Michigan Makes It Easier to Snag Best Camp Sites, Saginaw Library Recognized

For Nov. 3, 2017

1 – A new Michigan reservation policy is meant to make it easier for people to secure campsites at many of the state’s most-visited parks.

The new Department of Natural Resources policy that took effect this week encourages people to firm up their reservations further in advance of planned camping dates.

Campers still can make reservations up to six months in advance.


Credit: Tony Failoa

The new structure retains a $10 cost to cancel or modify a camping reservation. It adds an additional incremental fee based on the length of time between the date of the initial reservation and the planned arrival date.

Rather than holding onto several blocks of campsites at a campground – or in some cases, multiple campgrounds – the new policy encourages campers to finalize their plans as soon as possible. So a reservation held for up to two months will incur a 10 percent fee to modify or cancel, and one held for longer than five months will incur a 40 percent fee to modify or cancel.

For more information, see Michigan.gov/camping.

2 – 
The Hoyt Library in Saginaw was honored by Gov. Rick Snyder for an energy project.

The Governor’s Energy Excellence Award was given to eight individuals and organizations for efforts to reduce energy waste.

The winners and finalists were announced at a ceremony in Detroit last month.

Hoyt was recognized as a finalist for the Best Public Project. Officials say the 126-year-old library was costly to operate, subject to inconsistent temperatures and unchecked humidity was creating serious mold problems.

With help from a Consumers Energy audit and grant, the library invested in a high-efficiency boiler, a more efficient chiller, automation controls for its HVAC system, and a new and improved air quality system. The improvements are expected to save on annual natural gas costs and improve the building’s environment for staff, patrons, and the books it houses.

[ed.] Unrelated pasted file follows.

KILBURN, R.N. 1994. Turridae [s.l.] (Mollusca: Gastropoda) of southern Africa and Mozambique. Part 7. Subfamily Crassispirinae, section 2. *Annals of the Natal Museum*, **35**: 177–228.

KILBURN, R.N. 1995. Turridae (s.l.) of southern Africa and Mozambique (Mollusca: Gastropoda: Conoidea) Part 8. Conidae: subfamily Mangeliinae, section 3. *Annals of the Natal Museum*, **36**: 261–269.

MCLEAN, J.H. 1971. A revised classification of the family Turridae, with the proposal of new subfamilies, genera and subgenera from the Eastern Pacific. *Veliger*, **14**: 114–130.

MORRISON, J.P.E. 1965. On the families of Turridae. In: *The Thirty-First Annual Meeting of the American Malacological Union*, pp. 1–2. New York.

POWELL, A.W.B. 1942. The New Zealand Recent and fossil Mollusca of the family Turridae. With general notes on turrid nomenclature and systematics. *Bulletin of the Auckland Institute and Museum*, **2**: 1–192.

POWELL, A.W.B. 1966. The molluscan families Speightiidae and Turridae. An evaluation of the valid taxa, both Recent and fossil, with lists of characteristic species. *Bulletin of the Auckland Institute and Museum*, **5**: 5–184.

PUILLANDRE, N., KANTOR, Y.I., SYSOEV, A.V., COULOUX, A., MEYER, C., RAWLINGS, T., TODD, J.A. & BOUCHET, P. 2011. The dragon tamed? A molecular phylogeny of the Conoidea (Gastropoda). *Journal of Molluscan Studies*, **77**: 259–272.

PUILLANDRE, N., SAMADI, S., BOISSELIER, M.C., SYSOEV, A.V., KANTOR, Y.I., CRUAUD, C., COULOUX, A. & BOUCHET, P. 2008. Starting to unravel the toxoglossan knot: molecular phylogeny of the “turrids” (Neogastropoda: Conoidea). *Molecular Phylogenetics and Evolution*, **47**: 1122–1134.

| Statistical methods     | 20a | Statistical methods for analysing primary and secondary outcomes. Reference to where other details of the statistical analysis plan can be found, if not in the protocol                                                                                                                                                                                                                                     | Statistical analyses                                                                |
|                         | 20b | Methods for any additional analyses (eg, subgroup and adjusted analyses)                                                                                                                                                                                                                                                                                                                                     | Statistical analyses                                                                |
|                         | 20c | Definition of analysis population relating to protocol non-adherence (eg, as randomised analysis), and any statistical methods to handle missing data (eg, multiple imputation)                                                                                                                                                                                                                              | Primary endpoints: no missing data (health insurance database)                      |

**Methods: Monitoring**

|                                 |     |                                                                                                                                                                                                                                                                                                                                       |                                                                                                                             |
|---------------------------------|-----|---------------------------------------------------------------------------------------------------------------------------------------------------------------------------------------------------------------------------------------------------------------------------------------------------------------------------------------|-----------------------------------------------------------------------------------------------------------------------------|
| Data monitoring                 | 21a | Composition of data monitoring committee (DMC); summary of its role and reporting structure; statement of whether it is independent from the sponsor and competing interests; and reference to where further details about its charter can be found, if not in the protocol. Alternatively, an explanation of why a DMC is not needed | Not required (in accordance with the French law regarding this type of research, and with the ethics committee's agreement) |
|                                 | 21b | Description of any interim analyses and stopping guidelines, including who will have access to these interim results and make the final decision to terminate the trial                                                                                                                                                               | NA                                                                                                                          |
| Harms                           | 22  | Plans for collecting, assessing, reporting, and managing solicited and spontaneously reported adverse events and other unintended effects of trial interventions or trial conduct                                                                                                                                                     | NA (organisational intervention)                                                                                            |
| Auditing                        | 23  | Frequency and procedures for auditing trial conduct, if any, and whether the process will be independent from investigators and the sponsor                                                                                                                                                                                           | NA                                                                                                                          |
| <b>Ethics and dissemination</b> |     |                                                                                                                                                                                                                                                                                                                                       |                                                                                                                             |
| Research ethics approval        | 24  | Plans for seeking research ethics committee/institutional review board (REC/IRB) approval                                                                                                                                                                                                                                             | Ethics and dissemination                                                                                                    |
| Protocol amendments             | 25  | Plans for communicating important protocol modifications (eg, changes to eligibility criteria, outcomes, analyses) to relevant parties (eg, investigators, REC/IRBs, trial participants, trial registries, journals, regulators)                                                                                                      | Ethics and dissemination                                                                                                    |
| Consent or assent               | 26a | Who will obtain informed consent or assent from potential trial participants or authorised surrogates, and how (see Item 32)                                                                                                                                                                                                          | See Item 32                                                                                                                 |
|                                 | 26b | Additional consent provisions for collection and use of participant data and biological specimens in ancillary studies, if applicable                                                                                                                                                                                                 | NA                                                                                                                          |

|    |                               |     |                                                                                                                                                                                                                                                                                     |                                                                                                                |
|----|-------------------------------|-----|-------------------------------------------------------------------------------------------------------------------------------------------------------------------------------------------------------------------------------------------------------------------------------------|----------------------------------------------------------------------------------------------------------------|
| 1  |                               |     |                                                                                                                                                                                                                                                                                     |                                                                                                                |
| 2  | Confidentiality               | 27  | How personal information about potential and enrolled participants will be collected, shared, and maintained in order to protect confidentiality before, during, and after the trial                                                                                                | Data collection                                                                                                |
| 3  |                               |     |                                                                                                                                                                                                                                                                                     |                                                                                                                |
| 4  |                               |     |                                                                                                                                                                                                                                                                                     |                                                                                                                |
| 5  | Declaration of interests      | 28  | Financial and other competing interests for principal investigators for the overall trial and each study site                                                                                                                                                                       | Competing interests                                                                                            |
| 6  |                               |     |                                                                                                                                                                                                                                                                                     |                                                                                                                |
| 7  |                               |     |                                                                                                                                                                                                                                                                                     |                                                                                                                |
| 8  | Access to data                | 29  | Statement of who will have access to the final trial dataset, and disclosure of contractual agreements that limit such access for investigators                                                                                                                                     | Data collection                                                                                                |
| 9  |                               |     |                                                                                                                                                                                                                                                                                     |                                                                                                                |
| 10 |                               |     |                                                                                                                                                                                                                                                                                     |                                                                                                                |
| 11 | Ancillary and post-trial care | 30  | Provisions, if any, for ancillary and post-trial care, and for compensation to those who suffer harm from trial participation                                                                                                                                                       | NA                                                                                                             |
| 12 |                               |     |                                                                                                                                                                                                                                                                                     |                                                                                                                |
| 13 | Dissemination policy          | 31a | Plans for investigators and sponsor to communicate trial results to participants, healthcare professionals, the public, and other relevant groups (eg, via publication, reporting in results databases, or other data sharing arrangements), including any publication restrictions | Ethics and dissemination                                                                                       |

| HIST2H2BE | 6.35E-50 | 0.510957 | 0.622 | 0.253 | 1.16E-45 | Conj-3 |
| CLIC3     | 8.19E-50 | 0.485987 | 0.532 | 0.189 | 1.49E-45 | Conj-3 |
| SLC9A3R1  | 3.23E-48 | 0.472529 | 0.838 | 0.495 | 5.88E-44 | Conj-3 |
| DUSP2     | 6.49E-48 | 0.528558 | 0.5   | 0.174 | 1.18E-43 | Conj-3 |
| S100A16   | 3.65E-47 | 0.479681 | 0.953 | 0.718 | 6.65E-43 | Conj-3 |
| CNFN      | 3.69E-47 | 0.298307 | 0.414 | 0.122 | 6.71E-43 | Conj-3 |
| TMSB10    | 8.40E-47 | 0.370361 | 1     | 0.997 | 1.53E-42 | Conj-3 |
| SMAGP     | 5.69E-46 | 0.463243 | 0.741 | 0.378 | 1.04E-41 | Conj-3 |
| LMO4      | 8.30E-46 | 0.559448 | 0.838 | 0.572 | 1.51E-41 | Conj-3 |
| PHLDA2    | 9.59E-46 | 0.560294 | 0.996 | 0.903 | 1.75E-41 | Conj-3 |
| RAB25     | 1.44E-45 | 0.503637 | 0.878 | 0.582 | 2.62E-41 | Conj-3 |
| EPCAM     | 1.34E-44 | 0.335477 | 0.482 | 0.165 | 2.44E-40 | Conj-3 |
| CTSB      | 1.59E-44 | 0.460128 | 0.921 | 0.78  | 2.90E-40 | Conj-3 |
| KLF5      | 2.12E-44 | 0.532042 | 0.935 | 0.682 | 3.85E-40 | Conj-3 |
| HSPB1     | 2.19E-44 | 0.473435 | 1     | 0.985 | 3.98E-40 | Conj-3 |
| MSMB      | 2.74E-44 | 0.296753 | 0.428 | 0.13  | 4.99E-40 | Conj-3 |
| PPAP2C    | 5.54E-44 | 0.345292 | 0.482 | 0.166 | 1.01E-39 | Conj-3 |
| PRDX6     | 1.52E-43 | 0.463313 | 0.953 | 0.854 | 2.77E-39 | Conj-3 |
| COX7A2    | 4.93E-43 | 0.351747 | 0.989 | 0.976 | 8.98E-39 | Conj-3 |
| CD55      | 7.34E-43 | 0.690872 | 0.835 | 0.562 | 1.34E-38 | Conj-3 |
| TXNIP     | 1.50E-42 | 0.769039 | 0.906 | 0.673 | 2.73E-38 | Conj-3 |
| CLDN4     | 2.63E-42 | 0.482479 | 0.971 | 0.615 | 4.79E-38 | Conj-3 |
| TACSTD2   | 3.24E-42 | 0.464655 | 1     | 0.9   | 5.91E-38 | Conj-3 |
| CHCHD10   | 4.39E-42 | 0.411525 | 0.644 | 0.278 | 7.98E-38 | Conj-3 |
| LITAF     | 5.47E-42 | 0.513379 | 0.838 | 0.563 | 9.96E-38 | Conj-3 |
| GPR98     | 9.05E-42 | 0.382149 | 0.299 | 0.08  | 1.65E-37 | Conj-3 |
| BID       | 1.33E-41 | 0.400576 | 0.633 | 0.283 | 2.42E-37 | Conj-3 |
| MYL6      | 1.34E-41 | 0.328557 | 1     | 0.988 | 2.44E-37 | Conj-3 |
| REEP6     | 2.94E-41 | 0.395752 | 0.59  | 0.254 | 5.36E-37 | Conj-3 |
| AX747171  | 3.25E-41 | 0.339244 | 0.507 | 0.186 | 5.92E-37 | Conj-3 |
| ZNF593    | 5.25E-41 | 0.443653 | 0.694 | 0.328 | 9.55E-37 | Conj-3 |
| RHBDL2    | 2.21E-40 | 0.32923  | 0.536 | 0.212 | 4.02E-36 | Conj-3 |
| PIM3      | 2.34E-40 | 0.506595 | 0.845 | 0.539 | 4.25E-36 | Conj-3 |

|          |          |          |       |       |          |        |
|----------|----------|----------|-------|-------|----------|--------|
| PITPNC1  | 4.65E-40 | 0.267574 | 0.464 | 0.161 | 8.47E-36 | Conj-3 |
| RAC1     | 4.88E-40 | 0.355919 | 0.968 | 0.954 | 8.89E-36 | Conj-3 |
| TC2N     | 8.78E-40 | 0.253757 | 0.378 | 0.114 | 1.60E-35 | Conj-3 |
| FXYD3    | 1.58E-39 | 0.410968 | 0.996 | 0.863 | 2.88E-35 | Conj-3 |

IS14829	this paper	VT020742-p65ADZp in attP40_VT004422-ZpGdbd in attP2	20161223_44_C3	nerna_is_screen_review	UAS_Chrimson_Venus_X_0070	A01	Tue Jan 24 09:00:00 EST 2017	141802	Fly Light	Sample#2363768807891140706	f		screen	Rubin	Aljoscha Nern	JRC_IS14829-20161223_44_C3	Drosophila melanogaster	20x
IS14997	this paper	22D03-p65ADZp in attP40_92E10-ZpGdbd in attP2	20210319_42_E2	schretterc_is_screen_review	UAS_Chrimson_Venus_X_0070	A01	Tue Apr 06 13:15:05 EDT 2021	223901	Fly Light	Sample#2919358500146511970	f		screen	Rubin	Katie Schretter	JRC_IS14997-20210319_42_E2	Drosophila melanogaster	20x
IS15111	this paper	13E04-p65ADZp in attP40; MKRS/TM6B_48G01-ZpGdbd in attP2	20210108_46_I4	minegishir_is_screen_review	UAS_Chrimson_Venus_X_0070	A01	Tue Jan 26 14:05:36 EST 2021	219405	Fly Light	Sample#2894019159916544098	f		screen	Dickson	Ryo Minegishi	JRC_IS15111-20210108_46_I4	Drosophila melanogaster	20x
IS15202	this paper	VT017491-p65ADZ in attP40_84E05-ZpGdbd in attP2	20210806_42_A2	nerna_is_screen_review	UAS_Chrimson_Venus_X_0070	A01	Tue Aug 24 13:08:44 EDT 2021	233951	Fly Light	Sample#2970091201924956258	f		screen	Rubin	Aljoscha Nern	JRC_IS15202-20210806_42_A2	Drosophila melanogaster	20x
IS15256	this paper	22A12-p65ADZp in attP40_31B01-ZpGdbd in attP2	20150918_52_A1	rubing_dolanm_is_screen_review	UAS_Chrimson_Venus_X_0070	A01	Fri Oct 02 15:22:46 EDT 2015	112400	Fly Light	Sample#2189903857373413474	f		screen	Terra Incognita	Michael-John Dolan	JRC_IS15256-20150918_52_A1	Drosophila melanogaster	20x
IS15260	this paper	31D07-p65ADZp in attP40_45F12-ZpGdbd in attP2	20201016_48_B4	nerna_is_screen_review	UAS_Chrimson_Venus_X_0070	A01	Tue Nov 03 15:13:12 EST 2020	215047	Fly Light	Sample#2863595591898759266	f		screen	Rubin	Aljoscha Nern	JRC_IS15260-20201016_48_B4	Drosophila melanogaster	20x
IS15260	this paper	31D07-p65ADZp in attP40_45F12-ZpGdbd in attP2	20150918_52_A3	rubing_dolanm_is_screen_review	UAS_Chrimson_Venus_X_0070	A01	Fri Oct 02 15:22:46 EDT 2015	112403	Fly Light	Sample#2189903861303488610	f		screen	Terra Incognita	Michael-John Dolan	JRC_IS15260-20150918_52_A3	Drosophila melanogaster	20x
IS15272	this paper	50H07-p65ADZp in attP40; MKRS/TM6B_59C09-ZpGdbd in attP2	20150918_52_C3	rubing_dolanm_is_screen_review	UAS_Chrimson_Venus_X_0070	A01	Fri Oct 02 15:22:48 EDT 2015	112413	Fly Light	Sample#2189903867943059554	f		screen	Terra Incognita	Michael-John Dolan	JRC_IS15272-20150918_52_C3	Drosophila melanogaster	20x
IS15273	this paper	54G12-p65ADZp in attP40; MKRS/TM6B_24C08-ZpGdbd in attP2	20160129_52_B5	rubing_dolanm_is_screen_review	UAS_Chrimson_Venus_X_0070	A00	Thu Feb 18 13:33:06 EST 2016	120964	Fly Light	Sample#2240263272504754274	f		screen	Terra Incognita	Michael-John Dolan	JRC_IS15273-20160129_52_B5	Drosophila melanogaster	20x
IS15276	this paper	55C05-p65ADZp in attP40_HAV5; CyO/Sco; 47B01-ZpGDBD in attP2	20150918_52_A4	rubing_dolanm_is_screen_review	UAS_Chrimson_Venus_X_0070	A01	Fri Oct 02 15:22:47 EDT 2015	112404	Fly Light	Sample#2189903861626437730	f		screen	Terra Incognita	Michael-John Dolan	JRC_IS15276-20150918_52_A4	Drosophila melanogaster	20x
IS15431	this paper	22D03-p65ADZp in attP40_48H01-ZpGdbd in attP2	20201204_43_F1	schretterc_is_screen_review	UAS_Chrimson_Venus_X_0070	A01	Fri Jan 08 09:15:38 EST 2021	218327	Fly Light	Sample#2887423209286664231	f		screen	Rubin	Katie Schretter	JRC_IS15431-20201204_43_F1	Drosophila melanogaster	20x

Winning energy solutions ranged from improving existing structures with energy-efficient, state-of-the-art heating, cooling and lighting systems to constructing new buildings.Consumers Energy won for the Best Communication or Education Program.


– Mr. Great Lakes is heard at 9:30 a.m. Fridays in Bay City, Michigan, on Delta College Q-90.1 FM NPR. Follow @jeffkart on Twitter #MrGreatLakes



Nexteer goes SunSteer and Bill to Block Asian Carp

photo sunsteer nexteer solar saginaw

Courtesy photo

As heard July 6, 2012, on Q-90.1 FM, Delta College public broadcasting …

1 –

Automotive supplier Nexteer is turning to the sun. 

The company has announced a new product, called SunSteer. The product is a solar tracking actuator that will be built at the company’s world headquarters in Saginaw.

The product uses electronic steering and driveline technologies to allow solar panels to track the movement of the sun. This can increase the efficiency of photovoltaic generation.

According to Nexteer, the Sunsteer product uses a precision built, high-efficiency ball screw – ball nut combination that provides operating efficiencies of up to 95 percent.

Under normal operating conditions, SunSteer will accurately track the sun’s position, while consuming less than $2 worth of energy per year.

The company says the product uses high-performance coatings developed under extreme vehicle testing environments. These coatings are said to reduce corrosion and provide performance of greater than 20 years in the field.

Nexteer officials say the product offers levels of reliability and efficiency that in many cases are unprecedented in the alternative energy market.

2 –

photo asian carp great lakes

Photo by author

U.S. Rep. Dave Camp, a Midland Republican, says the final version of a Highway Bill Conference Report will include a study and plan to prevent Asian carp, and other invasive species, from entering the Great Lakes.

The measure is called the Stop Invasive Species Act.

In announcing the latest development, Camp mentioned a live Asian carp found two years ago near Lake Michigan. He said the act would lay the groundwork for a permanent solution to the Asian carp threat.

Camp introduced the act earlier this year with U.S. Sen. Debbie Stabenow, a Lansing Democrat.

The legislation requires the Army Corps of Engineers to complete a Great Lakes Mississippi River Interbasin Study ahead of schedule, in about 18 months rather than three years.

That study is to include a plan to hydrologically separate the two basins.

Camp says hydrological separation is the only sure way to keep Asian carp out of the Great Lakes and prevent the invasive fish from destroying the ecosystem and devastating a $7 billion fishing industry.


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